Actually, when the aftermarket supplier petitions the manufacturer for a warranty approval, the manufacturer will reply with a statement that sounds basically like this: “We (OEM) are unable to evaluate all the devices, materials and services submitted for approval and have not been able to evaluate this product. For this reason we cannot comment on the efficacy of it. Therefore, use of this product does not void the warranty on our engines unless a failure occurs that can be attributed to the use of the product. In that event the warranty will not be in effect.” This is a standard response used by engine and vehicle manufacturers, and I had occasion to issue letters like this during my working life.
The conspiracy theory
A common sales appeal from aftermarket suppliers is to portray the OEMs and the oil companies as an evil cabal that schemes to keep fuel economy and emissions improvements off the market to ensure that they can sell more oil.
After more than 40 years of working inside the engine and vehicle manufacturing industry, I have a different perspective based on simple economic analysis and personal observation.
It starts with a “bottom line” question: why don’t the OEM or oil companies use this product, or why doesn’t the EPA mandate its use? From an economic view, consider that the OEMs have expended billions of dollars and countless hours in design, test, tooling and manufacturing facilities in pursuit of compliance to increasingly stringent emissions standards. Plus, the product cost of the engine and the vehicle has been increased by thousands of dollars for equipment changes and additions to achieve compliance.
The engine and vehicle business is very competitive and chief among the competitive factors is product cost. If the addition of a simple device costing, say, $50 would enable the elimination of hundreds or thousands of dollars in other equipment, isn’t it logical that the manufacturers would leap at this opportunity to comply with emissions laws or improve fuel economy at a great cost advantage over their competitors? I think so, and so should you.
If the addition of a trace amount of an additive to the fuel stock at the refinery would produce a similar vehicle cost reduction, isn’t it likely that the OEMs would petition the EPA to mandate this additive? Here is where my personal observation supports a “yes” answer.
Over the 20-plus years of emissions development, many changes to the engine design have resulted in increased demands on the lubricating oil. Examples include tolerance of increased soot contamination and greater control of foaming. At these times the engine manufacturers, individually and as a group, have asked the petroleum companies for significant revisions to the oil formulation, additives, etc.
In all cases, the oil formulation has been changed to support the engine manufacturers’ needs and in a timely manner to achieve the compliance deadlines. When the significantly reduced particulate matter limit for 1994 was approaching, it was evident that the standard could not be met with the existing sulfur content in the fuel of that time. The sulfur content was often as high as 1,500 parts per million (ppm) and compliance could only be achieved if the level were reduced to no more than 500 ppm. In response to this need of the engine manufacturers, the EPA mandated that the oil companies reduce the sulfur content in on-highway fuel in time for the 1994 compliance date. And they did.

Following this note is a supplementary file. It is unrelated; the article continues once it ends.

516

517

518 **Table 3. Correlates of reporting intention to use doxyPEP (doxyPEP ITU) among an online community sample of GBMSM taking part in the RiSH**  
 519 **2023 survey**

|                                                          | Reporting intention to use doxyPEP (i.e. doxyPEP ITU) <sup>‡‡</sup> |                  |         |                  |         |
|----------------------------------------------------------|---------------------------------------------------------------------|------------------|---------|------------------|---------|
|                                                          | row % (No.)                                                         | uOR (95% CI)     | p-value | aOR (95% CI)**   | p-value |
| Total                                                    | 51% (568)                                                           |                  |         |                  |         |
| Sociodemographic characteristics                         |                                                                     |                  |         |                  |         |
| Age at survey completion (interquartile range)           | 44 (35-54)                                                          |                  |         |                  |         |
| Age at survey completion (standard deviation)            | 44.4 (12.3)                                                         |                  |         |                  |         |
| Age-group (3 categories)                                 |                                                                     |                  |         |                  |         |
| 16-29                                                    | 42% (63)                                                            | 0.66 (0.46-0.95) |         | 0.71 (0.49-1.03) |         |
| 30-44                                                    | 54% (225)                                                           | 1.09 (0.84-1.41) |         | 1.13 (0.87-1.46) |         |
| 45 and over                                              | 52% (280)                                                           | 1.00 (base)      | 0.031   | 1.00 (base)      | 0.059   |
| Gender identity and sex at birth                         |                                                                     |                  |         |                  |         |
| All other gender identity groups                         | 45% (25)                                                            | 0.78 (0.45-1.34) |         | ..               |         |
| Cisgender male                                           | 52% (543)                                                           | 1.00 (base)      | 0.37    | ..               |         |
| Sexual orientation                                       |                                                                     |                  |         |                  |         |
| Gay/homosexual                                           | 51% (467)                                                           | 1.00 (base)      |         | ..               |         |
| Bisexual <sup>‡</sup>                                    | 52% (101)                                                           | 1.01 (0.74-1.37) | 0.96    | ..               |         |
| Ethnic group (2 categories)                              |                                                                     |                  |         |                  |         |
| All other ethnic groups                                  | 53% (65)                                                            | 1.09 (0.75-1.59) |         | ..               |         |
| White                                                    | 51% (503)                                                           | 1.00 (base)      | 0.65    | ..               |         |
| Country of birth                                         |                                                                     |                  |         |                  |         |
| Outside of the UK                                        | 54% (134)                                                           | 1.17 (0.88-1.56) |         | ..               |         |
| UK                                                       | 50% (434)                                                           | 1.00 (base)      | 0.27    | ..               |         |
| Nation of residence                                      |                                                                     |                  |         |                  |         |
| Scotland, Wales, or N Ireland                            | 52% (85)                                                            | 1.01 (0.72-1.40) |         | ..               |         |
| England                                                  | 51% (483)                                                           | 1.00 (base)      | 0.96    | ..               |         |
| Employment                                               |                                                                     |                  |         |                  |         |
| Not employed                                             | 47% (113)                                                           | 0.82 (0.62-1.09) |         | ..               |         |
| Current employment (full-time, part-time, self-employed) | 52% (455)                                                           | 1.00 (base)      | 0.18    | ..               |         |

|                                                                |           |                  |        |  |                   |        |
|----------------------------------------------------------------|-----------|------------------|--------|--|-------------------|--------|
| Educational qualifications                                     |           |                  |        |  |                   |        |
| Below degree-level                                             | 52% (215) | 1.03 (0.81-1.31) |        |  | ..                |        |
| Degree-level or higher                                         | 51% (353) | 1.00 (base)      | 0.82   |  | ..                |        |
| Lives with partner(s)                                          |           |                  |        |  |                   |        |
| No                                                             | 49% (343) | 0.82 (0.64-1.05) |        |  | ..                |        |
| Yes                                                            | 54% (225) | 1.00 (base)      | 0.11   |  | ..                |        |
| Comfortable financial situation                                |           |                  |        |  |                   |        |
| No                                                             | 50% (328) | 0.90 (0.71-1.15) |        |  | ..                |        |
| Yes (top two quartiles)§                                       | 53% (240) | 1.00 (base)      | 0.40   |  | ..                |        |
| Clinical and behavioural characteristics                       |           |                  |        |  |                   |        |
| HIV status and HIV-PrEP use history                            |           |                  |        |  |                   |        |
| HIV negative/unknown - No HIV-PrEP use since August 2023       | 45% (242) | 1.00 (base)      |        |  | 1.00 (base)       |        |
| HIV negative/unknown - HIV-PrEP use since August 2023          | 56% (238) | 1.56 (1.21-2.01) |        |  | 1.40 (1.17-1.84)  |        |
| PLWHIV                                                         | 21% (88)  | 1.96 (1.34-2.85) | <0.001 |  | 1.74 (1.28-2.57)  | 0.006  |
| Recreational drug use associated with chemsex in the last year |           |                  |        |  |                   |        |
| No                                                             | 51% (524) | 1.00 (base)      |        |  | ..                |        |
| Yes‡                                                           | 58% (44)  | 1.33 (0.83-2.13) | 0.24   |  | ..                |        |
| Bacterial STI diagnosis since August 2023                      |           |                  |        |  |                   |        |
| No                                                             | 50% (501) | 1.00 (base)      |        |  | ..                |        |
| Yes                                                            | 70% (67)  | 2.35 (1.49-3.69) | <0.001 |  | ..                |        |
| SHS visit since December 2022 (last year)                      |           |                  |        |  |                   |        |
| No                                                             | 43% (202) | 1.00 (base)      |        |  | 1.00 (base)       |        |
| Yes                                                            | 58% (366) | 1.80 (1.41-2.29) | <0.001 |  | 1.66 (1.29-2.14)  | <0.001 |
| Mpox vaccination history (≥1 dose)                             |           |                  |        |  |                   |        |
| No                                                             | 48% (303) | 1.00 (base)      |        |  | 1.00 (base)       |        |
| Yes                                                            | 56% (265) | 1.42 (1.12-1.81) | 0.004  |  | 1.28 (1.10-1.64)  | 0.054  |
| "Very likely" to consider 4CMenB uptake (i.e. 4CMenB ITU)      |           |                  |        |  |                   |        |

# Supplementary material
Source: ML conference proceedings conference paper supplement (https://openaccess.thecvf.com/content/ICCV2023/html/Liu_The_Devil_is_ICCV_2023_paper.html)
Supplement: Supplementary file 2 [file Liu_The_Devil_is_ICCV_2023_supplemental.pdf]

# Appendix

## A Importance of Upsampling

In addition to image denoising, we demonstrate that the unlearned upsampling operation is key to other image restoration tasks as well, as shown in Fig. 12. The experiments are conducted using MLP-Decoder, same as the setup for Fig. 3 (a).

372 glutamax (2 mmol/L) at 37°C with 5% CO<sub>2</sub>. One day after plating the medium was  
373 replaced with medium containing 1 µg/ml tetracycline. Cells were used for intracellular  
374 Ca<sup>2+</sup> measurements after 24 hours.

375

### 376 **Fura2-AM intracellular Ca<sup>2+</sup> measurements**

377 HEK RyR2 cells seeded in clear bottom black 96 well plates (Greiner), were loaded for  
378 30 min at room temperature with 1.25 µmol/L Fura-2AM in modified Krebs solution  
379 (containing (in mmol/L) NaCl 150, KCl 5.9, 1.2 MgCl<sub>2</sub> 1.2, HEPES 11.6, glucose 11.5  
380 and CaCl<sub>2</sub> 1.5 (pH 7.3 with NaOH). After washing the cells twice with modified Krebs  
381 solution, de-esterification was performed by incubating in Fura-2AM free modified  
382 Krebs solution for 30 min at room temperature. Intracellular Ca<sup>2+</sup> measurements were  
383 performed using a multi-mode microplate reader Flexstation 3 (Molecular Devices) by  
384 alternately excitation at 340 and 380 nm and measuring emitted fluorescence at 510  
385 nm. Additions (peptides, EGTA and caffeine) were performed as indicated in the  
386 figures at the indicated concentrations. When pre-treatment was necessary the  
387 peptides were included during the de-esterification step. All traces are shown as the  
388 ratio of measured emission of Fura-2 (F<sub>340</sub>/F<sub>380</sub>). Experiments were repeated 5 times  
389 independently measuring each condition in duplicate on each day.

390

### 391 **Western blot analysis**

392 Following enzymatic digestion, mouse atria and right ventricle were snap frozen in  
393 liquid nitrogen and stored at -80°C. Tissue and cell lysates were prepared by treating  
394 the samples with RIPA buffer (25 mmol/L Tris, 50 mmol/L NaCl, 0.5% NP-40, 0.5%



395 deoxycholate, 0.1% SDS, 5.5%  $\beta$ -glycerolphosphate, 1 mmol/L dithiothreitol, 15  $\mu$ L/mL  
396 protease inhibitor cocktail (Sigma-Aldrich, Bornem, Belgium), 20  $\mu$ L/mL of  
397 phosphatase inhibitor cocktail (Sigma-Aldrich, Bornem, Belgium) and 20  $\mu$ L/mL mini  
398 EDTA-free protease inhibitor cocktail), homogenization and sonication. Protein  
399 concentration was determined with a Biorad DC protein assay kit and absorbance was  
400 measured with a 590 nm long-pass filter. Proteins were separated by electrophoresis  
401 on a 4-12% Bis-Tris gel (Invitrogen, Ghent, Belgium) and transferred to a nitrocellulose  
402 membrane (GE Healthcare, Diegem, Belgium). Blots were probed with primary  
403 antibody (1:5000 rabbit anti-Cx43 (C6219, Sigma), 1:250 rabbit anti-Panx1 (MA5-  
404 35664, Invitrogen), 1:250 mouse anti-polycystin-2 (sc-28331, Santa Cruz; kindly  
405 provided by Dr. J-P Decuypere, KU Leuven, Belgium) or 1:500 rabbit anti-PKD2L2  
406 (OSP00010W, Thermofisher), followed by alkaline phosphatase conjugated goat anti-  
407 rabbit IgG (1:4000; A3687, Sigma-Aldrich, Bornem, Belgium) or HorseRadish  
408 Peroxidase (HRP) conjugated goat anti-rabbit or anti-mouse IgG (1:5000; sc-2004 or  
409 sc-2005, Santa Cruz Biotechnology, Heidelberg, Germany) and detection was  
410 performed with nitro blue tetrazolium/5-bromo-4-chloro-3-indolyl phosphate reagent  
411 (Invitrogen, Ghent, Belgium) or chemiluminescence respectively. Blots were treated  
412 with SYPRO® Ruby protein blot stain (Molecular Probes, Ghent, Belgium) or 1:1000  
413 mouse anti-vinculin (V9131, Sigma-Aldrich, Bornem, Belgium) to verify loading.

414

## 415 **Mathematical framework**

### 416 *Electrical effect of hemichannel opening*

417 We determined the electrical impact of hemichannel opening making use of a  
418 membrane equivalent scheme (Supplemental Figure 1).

Another dramatic reduction of sulfur content (to 15 ppm) is mandated and will occur by the end of 2006 to enable the manufacturers to implement the new diesel particulate filter technology.
These are only two of the examples of cooperation among the engine manufacturers, the oil companies and the EPA to achieve reduced emissions.
All these things were accompanied by a lot of grumbling and complaining, cost increases and predictions of dire consequences, but in the end the three groups worked together to achieve the common goal of cleaner air. I believe this supports my assertion that if a trace additive could significantly reduce emissions and the cost of compliance, that engine manufacturers would demand it vigorously, and the EPA would support it.
Stay tuned for Part 2
If you don’t agree with my observation and still believe that supplementary measures are needed to improve the performance and efficiency of your fleet, then watch for the second installment of this article in an upcoming issue, where I will provide you with a series of questions to ask when someone promises great improvements with simple efforts.
Dan Herman is retired and doing some consulting after nearly 42 years with International Truck and Engine Corp. He spent more than 30 years as an engineer involved with design and development of vehicles and engines.